Evolution accepters mostly chose the option “the evidence is convincing and well supported” as their reason for acceptance, with the proportion increasing from over 70% to over 90% in level 4 students who had studied evolution beyond level 1. Rather a small proportion selected the option “my lecturers have a greater knowledge of the subject, so I accept what has been taught to me,” and an intermediate proportion opted for “no better explanation.” Although Downie and Barron (2000) phrased this question somewhat differently, there has been a shift in this new survey toward “convincing evidence” and away from “no better explanation.”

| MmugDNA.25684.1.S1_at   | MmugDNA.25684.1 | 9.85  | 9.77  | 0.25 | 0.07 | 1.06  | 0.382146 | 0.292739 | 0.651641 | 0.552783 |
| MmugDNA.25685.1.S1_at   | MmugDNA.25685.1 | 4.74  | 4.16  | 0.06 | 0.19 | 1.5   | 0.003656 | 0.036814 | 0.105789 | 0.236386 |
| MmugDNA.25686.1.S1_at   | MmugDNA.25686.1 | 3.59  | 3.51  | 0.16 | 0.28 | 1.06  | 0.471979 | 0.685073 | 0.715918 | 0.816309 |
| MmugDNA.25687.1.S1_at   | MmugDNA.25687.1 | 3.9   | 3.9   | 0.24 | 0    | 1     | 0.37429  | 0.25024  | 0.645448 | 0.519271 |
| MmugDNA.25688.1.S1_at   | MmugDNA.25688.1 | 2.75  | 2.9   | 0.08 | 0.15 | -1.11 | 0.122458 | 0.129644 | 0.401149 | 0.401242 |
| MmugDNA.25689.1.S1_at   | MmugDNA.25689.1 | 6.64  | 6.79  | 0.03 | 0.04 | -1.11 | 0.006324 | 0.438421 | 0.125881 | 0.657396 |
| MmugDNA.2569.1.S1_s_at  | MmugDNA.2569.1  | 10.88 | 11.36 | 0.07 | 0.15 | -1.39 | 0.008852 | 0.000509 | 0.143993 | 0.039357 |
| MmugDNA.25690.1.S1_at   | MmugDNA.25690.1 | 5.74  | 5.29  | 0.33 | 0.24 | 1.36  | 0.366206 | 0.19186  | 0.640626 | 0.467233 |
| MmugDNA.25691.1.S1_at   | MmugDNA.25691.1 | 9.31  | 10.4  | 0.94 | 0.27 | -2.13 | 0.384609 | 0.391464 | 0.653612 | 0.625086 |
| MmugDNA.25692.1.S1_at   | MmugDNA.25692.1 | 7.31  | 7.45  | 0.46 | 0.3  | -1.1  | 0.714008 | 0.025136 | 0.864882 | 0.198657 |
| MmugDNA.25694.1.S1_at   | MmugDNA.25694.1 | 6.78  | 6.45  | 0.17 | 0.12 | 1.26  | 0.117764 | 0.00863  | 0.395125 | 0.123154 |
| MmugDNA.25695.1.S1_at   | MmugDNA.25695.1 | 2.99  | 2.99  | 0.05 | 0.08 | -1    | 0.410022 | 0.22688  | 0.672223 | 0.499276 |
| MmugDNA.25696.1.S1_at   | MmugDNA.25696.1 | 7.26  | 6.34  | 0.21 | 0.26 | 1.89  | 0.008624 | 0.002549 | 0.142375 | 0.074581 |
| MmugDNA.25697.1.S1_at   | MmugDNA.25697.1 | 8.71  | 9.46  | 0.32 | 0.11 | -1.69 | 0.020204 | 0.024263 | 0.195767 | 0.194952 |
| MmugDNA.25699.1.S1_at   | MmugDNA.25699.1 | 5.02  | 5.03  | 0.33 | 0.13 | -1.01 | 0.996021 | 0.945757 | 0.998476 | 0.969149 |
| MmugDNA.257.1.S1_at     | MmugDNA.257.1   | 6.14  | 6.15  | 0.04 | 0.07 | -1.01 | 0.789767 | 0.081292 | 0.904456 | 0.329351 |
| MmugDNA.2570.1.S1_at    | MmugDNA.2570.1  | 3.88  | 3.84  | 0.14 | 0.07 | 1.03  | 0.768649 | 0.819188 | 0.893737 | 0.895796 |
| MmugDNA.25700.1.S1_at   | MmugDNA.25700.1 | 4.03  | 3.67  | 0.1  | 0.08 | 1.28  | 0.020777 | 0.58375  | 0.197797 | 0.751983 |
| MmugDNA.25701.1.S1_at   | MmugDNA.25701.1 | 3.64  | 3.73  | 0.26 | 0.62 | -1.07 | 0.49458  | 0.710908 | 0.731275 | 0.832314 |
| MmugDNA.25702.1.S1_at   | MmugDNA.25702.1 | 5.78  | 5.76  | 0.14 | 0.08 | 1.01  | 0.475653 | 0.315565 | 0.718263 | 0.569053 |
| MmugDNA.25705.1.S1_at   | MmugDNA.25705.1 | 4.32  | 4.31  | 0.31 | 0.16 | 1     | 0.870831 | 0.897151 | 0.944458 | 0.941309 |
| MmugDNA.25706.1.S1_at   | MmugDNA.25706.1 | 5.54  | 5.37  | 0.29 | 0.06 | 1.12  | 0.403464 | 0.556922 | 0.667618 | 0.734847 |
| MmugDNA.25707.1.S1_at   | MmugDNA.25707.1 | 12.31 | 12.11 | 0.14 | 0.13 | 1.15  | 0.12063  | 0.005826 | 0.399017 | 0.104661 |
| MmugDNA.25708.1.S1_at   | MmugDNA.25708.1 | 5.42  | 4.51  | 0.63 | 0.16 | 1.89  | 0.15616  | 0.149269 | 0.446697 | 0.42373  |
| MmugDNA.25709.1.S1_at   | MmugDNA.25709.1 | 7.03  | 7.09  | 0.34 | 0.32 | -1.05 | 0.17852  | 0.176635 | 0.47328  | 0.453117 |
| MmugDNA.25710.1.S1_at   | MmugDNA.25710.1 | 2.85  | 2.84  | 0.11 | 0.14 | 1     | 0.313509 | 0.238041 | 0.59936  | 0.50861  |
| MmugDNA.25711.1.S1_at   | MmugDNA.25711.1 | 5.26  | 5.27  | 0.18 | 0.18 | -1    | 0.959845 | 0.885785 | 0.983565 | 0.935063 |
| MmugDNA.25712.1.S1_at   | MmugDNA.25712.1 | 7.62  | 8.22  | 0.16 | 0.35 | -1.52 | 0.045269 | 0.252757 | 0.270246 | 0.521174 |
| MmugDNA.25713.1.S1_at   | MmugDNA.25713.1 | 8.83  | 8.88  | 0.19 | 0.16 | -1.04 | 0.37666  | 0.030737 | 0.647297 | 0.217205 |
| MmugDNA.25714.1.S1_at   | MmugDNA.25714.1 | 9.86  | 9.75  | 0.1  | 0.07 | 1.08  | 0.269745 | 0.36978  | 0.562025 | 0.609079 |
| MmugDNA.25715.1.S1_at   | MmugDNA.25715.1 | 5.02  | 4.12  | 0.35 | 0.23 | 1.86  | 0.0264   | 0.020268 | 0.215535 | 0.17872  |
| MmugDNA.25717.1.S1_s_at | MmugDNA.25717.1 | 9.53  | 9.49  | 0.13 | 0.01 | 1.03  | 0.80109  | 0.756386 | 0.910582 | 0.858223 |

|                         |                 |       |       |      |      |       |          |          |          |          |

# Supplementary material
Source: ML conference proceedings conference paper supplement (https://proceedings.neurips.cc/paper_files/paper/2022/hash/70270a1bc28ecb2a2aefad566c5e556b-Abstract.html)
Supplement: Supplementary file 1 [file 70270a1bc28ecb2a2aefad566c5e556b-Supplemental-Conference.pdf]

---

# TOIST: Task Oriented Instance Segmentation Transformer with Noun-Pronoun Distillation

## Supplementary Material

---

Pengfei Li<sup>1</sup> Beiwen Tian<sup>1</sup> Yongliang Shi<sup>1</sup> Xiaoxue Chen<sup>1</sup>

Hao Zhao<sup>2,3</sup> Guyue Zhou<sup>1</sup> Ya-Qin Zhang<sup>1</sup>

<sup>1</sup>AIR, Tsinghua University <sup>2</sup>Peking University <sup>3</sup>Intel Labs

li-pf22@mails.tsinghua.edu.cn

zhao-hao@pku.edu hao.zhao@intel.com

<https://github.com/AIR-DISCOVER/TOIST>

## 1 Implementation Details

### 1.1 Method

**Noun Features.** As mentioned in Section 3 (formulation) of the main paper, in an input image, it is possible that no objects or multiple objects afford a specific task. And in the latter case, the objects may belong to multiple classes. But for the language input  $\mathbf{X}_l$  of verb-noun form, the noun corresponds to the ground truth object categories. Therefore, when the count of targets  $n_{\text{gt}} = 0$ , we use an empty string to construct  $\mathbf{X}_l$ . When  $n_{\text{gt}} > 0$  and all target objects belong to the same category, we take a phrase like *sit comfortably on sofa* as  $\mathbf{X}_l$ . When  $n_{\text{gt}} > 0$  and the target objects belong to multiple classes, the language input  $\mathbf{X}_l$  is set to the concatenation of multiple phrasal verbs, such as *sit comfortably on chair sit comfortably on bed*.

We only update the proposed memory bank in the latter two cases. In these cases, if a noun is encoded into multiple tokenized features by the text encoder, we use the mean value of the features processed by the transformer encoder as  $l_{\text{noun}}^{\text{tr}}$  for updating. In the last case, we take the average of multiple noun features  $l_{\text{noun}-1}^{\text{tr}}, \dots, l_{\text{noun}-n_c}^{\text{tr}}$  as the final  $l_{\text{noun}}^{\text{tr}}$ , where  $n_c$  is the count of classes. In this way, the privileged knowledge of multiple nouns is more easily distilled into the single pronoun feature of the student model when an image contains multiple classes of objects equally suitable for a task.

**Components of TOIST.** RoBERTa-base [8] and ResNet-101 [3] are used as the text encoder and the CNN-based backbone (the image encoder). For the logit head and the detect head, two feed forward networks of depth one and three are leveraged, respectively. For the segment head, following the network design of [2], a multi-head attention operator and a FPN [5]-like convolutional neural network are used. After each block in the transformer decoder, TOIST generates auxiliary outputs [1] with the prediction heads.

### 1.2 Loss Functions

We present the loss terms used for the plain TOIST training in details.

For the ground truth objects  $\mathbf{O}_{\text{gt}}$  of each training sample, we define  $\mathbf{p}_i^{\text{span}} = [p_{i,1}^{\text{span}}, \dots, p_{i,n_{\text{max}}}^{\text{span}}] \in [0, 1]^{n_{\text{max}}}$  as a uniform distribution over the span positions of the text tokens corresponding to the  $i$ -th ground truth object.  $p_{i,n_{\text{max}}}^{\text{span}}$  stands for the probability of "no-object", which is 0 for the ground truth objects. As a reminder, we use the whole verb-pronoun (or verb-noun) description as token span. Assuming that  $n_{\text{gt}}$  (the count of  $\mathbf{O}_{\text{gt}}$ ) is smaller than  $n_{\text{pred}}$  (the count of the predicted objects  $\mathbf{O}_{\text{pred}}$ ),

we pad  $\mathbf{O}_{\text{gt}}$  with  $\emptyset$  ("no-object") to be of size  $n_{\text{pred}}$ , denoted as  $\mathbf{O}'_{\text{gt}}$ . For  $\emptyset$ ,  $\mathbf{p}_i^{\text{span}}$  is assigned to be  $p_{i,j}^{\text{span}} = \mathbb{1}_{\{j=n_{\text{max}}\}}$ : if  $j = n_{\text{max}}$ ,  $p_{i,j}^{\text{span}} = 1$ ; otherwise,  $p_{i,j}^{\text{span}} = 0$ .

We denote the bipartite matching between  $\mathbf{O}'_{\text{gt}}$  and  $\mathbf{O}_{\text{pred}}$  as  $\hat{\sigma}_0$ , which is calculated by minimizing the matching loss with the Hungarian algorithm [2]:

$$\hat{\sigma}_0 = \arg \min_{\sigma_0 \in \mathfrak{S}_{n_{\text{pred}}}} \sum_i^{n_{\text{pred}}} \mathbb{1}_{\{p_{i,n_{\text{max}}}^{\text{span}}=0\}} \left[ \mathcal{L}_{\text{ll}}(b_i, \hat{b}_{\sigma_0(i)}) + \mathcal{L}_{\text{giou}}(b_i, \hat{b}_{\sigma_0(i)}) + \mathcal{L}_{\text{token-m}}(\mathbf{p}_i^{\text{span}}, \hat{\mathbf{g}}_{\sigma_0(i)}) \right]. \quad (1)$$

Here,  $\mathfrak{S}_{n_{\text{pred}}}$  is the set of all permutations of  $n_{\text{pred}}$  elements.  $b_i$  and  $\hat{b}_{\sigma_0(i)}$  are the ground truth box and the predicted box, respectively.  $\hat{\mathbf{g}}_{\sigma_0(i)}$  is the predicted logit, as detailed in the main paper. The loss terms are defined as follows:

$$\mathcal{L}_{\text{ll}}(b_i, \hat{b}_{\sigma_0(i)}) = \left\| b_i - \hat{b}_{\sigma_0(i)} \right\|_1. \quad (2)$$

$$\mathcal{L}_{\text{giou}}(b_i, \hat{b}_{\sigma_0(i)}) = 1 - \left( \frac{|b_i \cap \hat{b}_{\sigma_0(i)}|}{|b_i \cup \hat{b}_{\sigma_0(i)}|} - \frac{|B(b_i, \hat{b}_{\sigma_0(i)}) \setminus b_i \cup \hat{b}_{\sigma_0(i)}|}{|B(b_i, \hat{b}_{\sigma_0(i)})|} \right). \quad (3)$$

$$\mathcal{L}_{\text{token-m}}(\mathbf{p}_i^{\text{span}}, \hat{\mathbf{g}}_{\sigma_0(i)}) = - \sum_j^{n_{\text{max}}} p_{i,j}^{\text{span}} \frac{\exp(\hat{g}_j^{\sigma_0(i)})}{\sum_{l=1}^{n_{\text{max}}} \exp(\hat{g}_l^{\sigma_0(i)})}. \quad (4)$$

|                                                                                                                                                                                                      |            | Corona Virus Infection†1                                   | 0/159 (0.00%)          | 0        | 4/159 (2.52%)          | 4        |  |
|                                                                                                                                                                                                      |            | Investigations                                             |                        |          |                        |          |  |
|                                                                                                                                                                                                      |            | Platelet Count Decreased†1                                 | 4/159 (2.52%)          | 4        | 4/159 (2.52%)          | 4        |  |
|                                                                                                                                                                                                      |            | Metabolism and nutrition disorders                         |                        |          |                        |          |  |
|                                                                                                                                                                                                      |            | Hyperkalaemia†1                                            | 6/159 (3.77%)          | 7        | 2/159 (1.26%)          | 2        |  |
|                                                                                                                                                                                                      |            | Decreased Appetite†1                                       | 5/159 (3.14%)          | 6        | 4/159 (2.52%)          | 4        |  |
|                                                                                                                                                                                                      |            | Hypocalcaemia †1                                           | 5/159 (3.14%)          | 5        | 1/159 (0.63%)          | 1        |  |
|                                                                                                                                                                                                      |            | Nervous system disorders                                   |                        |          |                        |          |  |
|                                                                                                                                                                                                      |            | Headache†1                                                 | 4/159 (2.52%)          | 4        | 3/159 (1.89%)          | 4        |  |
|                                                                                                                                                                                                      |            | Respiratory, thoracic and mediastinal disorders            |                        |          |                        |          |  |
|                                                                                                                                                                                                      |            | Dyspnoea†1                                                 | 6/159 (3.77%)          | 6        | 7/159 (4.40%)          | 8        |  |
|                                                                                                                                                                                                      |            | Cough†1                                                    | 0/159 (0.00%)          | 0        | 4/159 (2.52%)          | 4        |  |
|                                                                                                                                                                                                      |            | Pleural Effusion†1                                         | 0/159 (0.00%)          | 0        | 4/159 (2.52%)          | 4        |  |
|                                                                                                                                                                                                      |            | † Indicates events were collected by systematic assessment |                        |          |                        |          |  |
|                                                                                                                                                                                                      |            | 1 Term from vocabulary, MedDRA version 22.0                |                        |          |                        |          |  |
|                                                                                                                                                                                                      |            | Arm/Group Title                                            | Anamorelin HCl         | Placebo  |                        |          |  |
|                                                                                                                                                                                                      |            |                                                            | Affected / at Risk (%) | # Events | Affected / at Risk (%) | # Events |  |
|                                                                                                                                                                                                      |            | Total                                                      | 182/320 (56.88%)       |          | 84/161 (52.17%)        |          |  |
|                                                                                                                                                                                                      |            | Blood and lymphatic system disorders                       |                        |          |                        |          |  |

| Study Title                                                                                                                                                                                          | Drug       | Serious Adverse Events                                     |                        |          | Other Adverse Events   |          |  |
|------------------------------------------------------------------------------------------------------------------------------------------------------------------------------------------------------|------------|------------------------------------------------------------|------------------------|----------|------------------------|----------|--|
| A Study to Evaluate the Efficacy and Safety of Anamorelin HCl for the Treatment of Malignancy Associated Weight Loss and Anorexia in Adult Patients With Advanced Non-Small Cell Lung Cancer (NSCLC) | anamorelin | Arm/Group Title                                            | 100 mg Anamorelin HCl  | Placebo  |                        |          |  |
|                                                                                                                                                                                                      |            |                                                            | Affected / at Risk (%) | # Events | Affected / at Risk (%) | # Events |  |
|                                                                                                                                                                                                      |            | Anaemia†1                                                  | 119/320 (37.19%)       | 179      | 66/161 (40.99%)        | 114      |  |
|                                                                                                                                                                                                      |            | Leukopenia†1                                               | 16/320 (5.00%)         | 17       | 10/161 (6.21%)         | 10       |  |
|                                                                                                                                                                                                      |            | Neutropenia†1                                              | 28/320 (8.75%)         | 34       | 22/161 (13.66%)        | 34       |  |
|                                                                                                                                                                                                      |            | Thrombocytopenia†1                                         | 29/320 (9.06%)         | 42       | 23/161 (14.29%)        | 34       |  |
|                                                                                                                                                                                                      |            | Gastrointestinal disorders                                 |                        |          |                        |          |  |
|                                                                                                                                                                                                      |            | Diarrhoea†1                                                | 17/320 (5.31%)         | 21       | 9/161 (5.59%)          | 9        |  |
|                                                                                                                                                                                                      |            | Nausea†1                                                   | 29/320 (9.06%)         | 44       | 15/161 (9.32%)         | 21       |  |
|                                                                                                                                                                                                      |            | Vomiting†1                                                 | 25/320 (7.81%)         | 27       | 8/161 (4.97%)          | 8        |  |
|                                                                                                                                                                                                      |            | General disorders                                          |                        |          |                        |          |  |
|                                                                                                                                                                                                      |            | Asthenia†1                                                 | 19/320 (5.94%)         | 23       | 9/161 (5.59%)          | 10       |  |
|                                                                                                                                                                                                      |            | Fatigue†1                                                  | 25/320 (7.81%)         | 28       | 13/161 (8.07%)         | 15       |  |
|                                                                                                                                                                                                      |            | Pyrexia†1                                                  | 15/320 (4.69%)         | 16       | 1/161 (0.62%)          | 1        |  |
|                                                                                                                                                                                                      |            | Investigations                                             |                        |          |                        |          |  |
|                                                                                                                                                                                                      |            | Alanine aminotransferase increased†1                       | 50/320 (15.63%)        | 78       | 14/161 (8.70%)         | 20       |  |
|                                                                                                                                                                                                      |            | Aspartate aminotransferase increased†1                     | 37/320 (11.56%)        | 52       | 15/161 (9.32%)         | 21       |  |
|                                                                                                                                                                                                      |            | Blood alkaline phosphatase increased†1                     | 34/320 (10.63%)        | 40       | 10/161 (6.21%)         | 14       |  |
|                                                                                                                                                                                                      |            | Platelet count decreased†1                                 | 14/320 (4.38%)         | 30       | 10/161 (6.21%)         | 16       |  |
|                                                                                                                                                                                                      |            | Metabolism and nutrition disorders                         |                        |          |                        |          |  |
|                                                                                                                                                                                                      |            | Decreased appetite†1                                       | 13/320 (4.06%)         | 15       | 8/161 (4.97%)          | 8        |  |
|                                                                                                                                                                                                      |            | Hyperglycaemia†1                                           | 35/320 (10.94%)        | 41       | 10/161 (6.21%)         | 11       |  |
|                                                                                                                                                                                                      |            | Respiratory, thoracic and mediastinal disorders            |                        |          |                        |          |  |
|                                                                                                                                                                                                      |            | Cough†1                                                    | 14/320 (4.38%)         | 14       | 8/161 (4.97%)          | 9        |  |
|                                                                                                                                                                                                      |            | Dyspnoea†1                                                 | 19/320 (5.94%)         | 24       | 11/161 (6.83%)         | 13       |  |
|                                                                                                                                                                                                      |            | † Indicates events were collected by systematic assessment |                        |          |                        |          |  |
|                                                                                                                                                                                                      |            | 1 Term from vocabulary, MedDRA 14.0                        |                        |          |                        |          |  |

For level 1 evolution rejecters, the commonest option was the religion-based alternative explanation, but substantial numbers chose “insufficient evidence” (presumably the same evidence that evolution-accepters predominantly found “convincing and well supported”) and significant numbers cited insufficient personal knowledge, especially in 2009–2010. Downie and Barron (2000) again presented this question somewhat differently and found the commonest option the acceptance of a “religious creation account that excludes evolution.” By level 4, our evolution rejection sample size was very small, but the importance of a belief precluding evolution remained the main factor. Our sample size for switching from rejection to acceptance was also small (n = 7), but it is fascinating that these students were less affected by scientific evidence than by a realization that evolution and their religious beliefs were not in conflict.